HELLO HELLO AND WELCOME TO THE SUNDAY/MONDAY JOURNAL! We’ve been wanting a space to share more than pretty photos and product details, so we've created an online journal to write about our textiles, travels and inspirations from time to time (and not just on Sundays or Mondays!).
What better topic to launch our journal than Indigofera tinctoria, also known as indigo?
In January 2018, we started working with block printers in Bagru, a region of Rajasthan known for its tradition of block printing using natural dyes, including our favorite one - indigo.
Indigo has a long history in India and even gets its name from the country, so it’s no surprise that the natural process of indigo dyeing is still going strong there. Once you get to know indigo, it’s hard not to fall in love - with the wide range of beautiful hues it produces, its intoxicating earthy smell, and its one of a kind characteristics, like the marbling effect that occurs when printed with resist. It’s not all romantic though. Nowadays the block printers wear gloves when dipping textiles into the vat as the process can be messy, unpredictable, and time consuming. All of it is worth it though to produce our beloved indigo dyed hand block printed textiles, like our Baya bandana and Heron pillow.
What is natural indigo?
True indigo is a natural dye extracted from the plant indigofera tinctoria and it's considered one of oldest natural dyes in the world. Our block printers keep their indigo dye in a 12 feet deep well that requires constant maintenance and upkeep (a DIVA vat you could say).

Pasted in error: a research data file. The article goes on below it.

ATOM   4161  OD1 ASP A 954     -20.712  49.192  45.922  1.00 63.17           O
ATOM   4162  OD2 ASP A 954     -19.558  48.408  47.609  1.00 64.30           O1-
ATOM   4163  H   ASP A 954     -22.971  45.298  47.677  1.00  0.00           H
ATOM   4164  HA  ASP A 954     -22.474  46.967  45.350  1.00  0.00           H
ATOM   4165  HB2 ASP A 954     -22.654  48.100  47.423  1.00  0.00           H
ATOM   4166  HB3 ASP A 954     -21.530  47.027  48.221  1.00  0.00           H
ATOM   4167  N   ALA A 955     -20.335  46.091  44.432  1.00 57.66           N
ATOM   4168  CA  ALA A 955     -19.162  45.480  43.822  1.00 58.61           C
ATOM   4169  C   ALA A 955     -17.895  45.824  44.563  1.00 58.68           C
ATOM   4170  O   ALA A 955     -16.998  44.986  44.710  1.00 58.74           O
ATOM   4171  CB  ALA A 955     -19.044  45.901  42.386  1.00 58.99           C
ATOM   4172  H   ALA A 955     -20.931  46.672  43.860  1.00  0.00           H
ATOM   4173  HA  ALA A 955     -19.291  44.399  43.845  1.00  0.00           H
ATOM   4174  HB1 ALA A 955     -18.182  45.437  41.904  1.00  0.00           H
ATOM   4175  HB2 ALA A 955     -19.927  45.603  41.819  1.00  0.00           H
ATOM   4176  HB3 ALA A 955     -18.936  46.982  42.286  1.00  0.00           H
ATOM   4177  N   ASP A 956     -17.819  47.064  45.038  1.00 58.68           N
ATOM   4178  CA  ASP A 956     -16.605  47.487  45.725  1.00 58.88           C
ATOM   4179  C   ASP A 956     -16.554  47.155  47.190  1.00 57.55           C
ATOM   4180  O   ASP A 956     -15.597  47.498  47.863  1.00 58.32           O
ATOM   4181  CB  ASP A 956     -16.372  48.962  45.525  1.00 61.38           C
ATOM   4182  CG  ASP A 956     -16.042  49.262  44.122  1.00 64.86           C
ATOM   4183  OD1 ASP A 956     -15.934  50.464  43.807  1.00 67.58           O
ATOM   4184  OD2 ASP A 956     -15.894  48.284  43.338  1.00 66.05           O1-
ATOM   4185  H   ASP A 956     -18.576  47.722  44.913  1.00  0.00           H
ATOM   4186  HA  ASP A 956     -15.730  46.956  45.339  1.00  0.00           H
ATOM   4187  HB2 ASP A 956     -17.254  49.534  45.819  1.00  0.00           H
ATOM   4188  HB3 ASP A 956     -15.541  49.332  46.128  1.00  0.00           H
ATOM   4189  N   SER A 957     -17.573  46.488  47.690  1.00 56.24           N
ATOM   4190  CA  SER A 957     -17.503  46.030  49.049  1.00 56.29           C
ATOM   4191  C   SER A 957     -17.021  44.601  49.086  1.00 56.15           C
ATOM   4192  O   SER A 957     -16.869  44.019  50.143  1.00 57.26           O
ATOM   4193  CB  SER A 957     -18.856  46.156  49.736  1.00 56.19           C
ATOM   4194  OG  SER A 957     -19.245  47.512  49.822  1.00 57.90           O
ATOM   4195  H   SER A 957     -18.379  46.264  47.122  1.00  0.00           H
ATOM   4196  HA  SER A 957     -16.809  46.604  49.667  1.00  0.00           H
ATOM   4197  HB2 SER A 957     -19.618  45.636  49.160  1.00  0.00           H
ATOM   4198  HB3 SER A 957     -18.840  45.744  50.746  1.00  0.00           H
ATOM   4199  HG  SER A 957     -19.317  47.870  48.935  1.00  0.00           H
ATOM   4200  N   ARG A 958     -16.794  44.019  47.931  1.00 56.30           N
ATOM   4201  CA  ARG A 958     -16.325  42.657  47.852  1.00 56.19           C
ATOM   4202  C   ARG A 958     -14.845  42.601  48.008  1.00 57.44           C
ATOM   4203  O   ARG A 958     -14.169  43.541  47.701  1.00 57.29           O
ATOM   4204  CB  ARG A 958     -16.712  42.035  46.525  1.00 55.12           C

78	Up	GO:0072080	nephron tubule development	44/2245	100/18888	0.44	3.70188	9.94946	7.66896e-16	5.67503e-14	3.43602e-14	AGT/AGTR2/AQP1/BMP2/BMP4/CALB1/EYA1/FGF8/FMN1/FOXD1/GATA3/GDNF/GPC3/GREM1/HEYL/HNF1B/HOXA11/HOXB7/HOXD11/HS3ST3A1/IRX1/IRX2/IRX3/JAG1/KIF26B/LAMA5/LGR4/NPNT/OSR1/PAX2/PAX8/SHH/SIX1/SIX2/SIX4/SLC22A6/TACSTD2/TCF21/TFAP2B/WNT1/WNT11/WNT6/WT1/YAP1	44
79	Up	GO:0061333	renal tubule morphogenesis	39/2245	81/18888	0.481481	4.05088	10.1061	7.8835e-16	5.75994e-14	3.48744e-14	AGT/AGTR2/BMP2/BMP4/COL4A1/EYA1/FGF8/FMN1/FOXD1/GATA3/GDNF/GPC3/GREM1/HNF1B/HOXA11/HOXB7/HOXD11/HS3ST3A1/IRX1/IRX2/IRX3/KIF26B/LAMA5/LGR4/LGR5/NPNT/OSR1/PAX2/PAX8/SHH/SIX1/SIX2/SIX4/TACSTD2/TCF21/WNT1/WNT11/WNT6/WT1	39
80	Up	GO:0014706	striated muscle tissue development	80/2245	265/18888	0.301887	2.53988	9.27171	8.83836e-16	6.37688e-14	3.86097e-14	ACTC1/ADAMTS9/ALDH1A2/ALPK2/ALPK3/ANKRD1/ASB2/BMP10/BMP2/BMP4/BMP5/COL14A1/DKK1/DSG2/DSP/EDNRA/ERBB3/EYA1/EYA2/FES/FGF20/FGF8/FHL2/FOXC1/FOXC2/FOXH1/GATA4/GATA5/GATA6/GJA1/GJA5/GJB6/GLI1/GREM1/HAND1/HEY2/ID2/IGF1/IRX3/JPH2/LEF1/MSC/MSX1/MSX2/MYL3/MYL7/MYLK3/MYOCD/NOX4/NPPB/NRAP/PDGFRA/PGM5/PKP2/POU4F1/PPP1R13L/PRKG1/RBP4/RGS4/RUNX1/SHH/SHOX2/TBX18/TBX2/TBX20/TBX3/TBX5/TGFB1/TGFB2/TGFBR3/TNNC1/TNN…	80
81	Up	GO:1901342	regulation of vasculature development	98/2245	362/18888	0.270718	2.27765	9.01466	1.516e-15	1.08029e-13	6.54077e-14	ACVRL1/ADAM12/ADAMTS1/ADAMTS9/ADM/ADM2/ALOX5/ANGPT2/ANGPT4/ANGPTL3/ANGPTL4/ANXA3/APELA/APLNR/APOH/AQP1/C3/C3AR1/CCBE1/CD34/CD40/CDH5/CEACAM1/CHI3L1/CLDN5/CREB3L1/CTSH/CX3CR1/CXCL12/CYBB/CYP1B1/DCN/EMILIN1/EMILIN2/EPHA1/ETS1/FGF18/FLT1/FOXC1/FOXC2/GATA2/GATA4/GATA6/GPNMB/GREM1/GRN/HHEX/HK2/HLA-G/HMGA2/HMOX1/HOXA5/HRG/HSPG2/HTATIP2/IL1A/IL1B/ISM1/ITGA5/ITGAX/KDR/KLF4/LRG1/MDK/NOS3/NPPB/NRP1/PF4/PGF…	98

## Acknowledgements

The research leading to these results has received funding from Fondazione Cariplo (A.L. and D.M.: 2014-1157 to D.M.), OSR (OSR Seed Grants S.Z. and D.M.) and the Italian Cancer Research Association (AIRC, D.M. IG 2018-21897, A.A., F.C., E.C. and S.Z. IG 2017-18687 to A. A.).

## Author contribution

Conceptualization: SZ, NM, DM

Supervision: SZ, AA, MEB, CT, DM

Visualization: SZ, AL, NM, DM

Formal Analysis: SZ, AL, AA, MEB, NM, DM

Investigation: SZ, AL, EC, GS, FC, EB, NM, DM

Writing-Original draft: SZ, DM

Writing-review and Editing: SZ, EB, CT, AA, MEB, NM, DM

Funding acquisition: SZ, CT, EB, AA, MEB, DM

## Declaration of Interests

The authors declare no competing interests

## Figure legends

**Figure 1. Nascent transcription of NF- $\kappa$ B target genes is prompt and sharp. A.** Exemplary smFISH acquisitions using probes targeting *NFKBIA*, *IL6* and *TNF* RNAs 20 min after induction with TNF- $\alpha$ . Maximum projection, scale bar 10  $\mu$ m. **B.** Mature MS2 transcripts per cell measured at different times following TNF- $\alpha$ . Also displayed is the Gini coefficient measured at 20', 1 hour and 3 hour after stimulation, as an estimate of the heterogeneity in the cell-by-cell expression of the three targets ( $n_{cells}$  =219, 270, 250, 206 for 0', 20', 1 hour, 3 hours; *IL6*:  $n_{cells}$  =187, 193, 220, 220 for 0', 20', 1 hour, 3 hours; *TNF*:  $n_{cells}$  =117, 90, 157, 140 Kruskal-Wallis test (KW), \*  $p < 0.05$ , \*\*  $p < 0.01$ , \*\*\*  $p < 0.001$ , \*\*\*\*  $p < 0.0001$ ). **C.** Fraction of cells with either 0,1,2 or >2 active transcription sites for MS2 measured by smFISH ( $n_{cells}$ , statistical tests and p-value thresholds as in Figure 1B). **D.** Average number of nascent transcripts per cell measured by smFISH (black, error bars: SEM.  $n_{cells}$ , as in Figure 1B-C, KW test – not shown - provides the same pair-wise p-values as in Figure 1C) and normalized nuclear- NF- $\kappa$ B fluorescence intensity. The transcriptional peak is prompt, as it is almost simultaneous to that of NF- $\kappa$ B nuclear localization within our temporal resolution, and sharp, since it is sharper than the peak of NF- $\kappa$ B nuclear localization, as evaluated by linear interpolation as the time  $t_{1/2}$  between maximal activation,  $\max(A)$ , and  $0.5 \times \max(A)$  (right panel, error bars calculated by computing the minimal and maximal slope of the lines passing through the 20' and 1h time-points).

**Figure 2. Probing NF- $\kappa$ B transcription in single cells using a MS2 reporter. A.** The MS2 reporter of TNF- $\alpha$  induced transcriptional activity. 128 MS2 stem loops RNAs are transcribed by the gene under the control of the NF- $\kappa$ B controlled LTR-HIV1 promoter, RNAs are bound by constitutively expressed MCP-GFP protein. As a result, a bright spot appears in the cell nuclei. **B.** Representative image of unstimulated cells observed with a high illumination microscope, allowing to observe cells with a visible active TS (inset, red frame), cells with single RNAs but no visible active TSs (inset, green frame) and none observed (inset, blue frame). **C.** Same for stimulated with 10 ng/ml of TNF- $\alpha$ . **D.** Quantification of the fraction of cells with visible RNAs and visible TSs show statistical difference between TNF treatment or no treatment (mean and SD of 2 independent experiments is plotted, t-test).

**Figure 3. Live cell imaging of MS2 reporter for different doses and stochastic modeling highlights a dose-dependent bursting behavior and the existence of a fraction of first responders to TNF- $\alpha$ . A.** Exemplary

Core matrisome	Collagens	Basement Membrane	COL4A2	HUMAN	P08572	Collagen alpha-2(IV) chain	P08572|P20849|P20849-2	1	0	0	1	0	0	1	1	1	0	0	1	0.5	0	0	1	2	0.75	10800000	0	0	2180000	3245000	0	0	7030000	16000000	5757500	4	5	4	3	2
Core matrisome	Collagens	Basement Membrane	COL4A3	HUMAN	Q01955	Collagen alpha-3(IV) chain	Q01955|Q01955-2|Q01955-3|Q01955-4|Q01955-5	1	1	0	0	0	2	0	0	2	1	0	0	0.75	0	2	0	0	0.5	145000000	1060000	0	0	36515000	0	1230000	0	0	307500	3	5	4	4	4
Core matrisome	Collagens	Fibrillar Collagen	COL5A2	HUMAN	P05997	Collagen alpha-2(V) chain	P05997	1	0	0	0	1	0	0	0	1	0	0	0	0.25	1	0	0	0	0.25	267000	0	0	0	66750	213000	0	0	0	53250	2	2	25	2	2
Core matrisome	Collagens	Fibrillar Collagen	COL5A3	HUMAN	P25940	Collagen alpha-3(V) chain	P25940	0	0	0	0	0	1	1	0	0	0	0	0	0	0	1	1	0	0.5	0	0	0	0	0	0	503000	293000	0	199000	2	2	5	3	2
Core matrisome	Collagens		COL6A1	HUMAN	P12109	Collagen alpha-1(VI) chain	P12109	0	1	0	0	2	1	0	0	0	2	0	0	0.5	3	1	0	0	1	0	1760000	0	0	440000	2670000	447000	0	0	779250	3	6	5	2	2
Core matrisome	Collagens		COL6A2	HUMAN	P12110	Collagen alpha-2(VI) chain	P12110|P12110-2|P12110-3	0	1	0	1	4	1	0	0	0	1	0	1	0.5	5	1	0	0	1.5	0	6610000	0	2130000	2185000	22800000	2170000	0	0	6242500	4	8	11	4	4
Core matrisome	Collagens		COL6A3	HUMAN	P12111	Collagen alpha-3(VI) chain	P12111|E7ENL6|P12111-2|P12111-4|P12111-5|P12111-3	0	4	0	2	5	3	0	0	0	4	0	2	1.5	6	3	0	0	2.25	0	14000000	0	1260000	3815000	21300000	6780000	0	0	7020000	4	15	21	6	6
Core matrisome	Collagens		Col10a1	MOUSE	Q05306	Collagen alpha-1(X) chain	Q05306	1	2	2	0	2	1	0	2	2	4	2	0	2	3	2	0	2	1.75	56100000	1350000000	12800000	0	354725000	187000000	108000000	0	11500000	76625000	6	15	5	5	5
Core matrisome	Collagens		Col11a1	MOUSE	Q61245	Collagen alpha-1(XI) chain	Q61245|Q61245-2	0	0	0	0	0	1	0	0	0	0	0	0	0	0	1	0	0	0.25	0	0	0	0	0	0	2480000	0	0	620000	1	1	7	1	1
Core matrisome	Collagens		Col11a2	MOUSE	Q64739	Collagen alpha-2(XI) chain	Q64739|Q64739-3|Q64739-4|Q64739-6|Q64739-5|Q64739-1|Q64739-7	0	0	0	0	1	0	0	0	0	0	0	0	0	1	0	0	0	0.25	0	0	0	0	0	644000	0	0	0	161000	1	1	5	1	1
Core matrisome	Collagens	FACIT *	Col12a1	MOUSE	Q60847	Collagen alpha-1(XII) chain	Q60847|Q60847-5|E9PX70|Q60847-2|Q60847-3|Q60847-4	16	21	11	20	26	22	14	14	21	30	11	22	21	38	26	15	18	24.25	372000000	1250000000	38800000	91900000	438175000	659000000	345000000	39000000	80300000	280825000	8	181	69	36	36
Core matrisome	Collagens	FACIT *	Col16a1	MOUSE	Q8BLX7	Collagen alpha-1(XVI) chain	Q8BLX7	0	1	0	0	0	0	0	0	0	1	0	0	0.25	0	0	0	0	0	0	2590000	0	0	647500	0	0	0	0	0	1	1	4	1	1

Block printing with natural indigo
Our indigo block prints are made using dabu, a mud resist made from black clay, lime, and guar gum. Before printing, the fabric is soaked in harda, a natural mordant which allows the indigo dye to bind to the textile.
Once the wooden blocks are hand carved with the designs, the printers stamp the dabu onto the treated cloth. The part of the fabric covered in mud resist print will not take on the indigo color.
After printing with dabu, a layer of fine sawdust is sprinkled over the wet dabu to prevent the fabric from sticking to itself once submerged in the dye vat.
Using a wooden stick, the fabric is slowly dipped into the indigo vat. This process may be repeated several times to achieve the desired shade of indigo. In order to get three separate shades of indigo on fabric, like on our Myna throw, the textile is printed and dyed in two rounds, where each round results in a different hue.
Taking care of indigo textiles
Our textiles come to you pre-washed by professional, organic cleaners in New York, NY, but our indigo textiles may bleed the first few washings at home. We recommend washing separately in cold water. Occasionally, dye transfer may occur with certain indigo dyed fabrics such as linen, so please be careful to avoid rubbing our indigo pillows on white sofas. We've tested our Egret napkins and Baya bandana and haven't experienced any bleeding from washing in a machine or from wearing with a chic white tee.